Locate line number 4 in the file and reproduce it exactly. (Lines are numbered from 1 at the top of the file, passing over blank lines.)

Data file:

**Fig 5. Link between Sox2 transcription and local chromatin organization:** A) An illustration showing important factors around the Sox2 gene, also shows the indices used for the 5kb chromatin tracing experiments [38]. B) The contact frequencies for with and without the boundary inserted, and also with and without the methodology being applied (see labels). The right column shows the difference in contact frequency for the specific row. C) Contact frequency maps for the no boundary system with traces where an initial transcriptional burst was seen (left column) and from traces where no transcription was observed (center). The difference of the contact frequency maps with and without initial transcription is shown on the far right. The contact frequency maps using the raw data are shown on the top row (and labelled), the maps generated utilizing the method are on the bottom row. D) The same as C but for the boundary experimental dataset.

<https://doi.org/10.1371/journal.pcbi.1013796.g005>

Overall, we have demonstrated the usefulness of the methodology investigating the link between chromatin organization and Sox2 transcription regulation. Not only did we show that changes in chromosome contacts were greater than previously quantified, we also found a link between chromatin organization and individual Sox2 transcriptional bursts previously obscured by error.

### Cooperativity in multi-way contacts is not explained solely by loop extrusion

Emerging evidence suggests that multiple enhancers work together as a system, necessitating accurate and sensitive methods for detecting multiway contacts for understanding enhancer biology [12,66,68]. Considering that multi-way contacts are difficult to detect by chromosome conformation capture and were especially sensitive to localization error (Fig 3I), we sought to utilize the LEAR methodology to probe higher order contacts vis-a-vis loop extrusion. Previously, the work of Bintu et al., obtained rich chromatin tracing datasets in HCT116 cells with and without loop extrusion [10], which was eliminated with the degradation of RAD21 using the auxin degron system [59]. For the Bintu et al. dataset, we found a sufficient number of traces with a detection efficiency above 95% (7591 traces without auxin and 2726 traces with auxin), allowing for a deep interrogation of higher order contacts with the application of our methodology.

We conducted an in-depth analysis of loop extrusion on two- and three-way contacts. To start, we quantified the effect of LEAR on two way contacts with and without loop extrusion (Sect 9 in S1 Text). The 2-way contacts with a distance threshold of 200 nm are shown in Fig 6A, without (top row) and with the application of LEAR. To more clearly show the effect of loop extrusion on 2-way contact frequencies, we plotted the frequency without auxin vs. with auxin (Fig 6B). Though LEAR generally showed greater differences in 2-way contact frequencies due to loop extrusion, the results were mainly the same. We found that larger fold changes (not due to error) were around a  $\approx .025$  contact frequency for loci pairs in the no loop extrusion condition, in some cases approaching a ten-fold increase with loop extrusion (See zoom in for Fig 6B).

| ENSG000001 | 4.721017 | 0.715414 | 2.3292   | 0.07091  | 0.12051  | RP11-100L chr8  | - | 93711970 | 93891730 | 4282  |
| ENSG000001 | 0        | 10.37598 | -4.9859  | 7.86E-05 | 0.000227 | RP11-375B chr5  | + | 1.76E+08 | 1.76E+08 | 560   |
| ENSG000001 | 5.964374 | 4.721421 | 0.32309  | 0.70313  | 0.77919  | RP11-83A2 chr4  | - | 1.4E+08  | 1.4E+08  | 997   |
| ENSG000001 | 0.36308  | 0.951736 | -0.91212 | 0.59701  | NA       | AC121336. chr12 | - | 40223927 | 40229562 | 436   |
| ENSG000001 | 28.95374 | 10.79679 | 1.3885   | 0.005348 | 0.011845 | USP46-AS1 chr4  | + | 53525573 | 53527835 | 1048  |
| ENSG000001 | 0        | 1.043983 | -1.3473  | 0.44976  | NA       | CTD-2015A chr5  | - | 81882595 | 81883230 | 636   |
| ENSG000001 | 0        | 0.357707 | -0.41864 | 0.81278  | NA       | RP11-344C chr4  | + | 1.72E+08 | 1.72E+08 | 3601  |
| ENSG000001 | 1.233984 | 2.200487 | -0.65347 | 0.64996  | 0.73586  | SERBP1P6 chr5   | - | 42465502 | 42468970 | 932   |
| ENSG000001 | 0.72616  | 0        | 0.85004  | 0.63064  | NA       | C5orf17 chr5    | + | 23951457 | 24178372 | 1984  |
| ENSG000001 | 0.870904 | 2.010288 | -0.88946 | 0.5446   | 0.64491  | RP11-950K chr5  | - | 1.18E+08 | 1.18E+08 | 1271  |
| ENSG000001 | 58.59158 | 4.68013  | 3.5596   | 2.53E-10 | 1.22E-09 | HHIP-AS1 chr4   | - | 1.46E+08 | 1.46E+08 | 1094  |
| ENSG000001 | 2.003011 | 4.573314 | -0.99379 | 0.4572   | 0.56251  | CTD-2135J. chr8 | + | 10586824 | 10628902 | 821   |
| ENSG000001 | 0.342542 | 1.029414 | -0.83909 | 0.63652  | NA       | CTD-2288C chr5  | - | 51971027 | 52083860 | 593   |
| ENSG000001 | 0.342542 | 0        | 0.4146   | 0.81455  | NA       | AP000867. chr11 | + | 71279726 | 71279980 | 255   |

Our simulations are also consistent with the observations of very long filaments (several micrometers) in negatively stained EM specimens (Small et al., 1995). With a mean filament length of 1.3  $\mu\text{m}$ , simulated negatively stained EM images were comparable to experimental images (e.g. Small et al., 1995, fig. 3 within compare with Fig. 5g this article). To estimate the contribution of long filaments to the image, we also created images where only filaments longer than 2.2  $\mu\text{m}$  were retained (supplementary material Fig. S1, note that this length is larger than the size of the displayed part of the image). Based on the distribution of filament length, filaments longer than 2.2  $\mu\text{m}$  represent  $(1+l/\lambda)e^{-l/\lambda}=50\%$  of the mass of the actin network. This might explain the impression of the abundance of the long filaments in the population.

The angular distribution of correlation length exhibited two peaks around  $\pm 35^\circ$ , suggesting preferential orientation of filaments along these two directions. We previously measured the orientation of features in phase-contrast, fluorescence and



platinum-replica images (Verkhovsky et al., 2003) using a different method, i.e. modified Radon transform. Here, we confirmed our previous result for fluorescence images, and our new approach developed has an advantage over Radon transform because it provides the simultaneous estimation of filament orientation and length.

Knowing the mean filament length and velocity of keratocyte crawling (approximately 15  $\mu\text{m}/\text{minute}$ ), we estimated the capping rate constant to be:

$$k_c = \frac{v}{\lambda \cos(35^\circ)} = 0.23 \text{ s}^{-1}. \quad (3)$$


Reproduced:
### Cooperativity in multi-way contacts is not explained solely by loop extrusion